I fled the South and lived 40 years out West and found that many people were skeptical about my stories of the young ministers who challenged my racial cultural brainwashing. When I moved back to the South several years ago, I realized that I lived in an area surrounded by Presbyterian ministers who had “fought the good fight” during the Civil Rights Era. Most of them had never told their stories in public and in many cases their grown children did not even know what they had been through. These men were modest and unpretentious about their strong stands during those hard times.
This is a story told from my perspective as white southerner who grew up in a racist family and culture with limited exposure to the suffering and inequalities around me. What started out as a small oral history project interviewing the ministers I knew as a teenager, grew into this feature length documentary. We traveled extensively throughout the Southeast, interviewing over 60 ministers and family members, amassing over 100 hours of material.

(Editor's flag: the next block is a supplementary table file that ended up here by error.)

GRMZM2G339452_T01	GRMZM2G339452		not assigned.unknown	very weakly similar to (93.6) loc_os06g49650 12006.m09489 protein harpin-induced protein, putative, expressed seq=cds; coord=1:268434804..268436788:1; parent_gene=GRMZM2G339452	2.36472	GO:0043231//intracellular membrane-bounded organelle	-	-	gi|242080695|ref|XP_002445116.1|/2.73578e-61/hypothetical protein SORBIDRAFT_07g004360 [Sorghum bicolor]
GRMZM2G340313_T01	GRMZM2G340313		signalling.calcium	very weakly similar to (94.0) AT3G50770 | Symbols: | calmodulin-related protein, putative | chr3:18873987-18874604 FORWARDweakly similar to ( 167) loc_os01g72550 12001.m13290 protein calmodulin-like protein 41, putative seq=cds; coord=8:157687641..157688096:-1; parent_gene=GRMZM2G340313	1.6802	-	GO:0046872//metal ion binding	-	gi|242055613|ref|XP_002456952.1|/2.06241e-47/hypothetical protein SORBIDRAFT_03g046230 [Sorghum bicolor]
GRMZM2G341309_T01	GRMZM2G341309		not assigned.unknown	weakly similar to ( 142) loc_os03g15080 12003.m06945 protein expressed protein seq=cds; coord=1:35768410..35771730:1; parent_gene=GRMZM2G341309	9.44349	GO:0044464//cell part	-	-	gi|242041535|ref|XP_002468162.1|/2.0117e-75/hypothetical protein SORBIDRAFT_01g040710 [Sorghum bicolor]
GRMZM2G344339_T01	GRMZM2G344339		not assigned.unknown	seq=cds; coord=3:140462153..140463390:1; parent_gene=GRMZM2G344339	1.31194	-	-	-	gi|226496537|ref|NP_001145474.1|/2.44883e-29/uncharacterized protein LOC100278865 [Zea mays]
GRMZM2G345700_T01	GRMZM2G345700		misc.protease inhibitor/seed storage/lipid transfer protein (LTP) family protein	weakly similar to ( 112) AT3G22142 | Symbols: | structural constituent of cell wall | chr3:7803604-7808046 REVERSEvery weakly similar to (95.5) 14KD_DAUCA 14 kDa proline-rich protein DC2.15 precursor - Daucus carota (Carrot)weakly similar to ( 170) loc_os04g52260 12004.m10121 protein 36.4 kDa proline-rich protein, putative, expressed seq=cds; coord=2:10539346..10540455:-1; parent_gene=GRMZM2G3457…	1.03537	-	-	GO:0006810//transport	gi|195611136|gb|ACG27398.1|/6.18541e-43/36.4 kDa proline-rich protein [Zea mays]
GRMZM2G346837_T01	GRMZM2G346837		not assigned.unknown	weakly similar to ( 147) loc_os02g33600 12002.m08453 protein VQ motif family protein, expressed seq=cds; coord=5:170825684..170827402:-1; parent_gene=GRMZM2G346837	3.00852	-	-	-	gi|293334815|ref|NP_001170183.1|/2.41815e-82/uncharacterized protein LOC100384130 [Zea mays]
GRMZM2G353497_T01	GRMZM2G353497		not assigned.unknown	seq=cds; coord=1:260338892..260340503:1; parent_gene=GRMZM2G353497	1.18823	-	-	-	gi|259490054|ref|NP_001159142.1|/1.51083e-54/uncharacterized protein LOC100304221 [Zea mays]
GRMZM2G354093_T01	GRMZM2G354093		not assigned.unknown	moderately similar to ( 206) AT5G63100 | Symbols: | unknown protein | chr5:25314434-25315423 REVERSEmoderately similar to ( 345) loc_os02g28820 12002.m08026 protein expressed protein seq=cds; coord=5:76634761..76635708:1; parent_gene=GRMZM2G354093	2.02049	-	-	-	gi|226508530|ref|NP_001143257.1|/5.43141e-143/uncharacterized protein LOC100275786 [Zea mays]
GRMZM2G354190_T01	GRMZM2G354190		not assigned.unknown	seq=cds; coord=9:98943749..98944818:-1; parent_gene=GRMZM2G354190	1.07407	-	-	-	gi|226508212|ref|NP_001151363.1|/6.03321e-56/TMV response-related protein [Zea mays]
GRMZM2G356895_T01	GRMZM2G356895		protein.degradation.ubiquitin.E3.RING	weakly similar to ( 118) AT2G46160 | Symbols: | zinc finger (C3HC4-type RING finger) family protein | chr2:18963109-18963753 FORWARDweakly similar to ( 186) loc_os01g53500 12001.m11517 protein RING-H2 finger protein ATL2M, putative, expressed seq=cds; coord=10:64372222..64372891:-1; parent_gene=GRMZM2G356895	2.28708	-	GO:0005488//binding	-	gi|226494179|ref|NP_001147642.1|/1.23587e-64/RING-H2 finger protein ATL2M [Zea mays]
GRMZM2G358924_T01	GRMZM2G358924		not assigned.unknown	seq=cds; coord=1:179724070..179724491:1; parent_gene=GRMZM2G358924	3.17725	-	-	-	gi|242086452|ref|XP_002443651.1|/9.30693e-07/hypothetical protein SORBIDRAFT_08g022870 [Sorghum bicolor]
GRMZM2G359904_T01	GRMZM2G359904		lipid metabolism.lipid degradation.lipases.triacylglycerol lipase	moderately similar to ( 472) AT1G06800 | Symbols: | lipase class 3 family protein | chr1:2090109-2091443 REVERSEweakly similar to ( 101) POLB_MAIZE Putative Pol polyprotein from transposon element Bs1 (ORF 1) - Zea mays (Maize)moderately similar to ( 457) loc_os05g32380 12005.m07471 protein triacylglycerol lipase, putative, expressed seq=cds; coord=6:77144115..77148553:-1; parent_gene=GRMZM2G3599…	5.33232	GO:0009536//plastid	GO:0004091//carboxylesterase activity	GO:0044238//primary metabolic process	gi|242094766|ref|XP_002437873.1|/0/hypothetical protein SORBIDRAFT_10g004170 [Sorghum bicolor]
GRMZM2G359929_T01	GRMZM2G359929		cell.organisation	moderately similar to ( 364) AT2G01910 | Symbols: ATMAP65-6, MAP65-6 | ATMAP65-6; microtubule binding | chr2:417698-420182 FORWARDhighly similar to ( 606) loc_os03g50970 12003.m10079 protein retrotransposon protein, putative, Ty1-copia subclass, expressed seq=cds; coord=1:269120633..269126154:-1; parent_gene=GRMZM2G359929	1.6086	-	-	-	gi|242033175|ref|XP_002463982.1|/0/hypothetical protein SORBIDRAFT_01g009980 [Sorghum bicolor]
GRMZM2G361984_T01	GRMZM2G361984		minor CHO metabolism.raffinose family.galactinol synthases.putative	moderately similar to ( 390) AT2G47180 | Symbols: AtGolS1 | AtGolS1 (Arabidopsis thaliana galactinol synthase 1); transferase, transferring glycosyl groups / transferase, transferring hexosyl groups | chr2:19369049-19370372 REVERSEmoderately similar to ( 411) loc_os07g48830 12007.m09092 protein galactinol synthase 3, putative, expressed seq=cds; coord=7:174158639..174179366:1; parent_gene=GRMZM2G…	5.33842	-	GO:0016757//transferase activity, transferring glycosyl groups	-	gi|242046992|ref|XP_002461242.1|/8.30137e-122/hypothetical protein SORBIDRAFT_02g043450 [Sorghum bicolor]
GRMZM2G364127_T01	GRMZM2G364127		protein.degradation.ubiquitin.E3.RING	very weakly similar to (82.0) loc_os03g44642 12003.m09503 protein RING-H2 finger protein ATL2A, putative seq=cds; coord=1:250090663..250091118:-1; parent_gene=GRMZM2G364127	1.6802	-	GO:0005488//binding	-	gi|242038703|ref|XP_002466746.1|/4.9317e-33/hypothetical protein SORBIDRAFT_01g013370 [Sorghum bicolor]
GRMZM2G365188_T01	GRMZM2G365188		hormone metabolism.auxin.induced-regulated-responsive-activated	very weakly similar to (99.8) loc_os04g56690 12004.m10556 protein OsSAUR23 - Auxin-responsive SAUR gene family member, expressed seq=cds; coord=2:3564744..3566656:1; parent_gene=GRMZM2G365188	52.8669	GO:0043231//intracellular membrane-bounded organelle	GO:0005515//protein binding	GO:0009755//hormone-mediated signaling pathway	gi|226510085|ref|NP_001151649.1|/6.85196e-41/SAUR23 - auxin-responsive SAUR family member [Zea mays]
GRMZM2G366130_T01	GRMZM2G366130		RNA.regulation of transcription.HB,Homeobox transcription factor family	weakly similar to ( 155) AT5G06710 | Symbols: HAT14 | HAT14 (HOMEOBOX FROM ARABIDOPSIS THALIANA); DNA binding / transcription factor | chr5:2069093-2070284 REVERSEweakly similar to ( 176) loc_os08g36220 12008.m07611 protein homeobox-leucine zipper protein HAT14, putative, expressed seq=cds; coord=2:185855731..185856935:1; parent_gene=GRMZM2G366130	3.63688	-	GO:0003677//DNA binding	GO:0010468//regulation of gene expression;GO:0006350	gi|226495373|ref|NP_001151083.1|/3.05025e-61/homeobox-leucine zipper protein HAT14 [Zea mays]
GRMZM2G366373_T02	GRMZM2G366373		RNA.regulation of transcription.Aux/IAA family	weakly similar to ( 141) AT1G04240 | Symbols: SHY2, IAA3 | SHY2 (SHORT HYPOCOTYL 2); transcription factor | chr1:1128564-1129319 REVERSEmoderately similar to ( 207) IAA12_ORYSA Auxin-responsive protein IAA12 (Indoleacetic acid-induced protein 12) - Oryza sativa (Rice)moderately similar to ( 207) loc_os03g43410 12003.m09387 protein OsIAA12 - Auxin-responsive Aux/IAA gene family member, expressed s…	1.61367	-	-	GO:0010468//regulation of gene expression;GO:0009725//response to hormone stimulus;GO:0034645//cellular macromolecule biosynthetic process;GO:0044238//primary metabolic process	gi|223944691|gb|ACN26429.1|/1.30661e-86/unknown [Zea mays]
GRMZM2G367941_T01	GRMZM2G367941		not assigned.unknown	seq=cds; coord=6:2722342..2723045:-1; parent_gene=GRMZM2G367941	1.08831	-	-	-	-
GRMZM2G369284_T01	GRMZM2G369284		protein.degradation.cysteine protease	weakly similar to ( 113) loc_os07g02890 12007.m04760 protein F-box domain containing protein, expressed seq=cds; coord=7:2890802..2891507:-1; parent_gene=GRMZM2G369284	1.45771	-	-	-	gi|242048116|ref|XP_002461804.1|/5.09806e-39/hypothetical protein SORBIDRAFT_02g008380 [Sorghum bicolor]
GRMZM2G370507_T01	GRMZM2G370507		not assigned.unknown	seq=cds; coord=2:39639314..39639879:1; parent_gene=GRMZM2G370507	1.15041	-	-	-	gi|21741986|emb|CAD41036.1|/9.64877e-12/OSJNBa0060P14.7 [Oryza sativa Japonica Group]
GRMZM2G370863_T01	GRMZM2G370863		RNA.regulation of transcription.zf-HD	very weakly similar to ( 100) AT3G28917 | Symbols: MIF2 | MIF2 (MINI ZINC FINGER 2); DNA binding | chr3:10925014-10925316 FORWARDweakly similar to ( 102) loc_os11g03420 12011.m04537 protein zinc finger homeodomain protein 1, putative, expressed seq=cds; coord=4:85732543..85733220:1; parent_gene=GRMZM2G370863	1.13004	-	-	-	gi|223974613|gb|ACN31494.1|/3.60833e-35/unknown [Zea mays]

As a psychologist I’ve always been interested in early memories and how they impact later behavior. So I asked these men about when they realized as children that what they were being taught about race was wrong.
The music in the film consists of old Presbyterian Scottish and English hymns mostly from the 17th, 18th and 19th centuries – the music that the ministers and I grew up with. These traditional hymns provide historical context, setting the mood and giving the film emotional depth.
It was a disgraceful chapter in (Southern) Presbyterian Church history. This movie is a document, however, of those white ministers who tried to do the right thing when the right thing was difficult and dangerous to do. Their modeling changed me and other teenagers who were watching.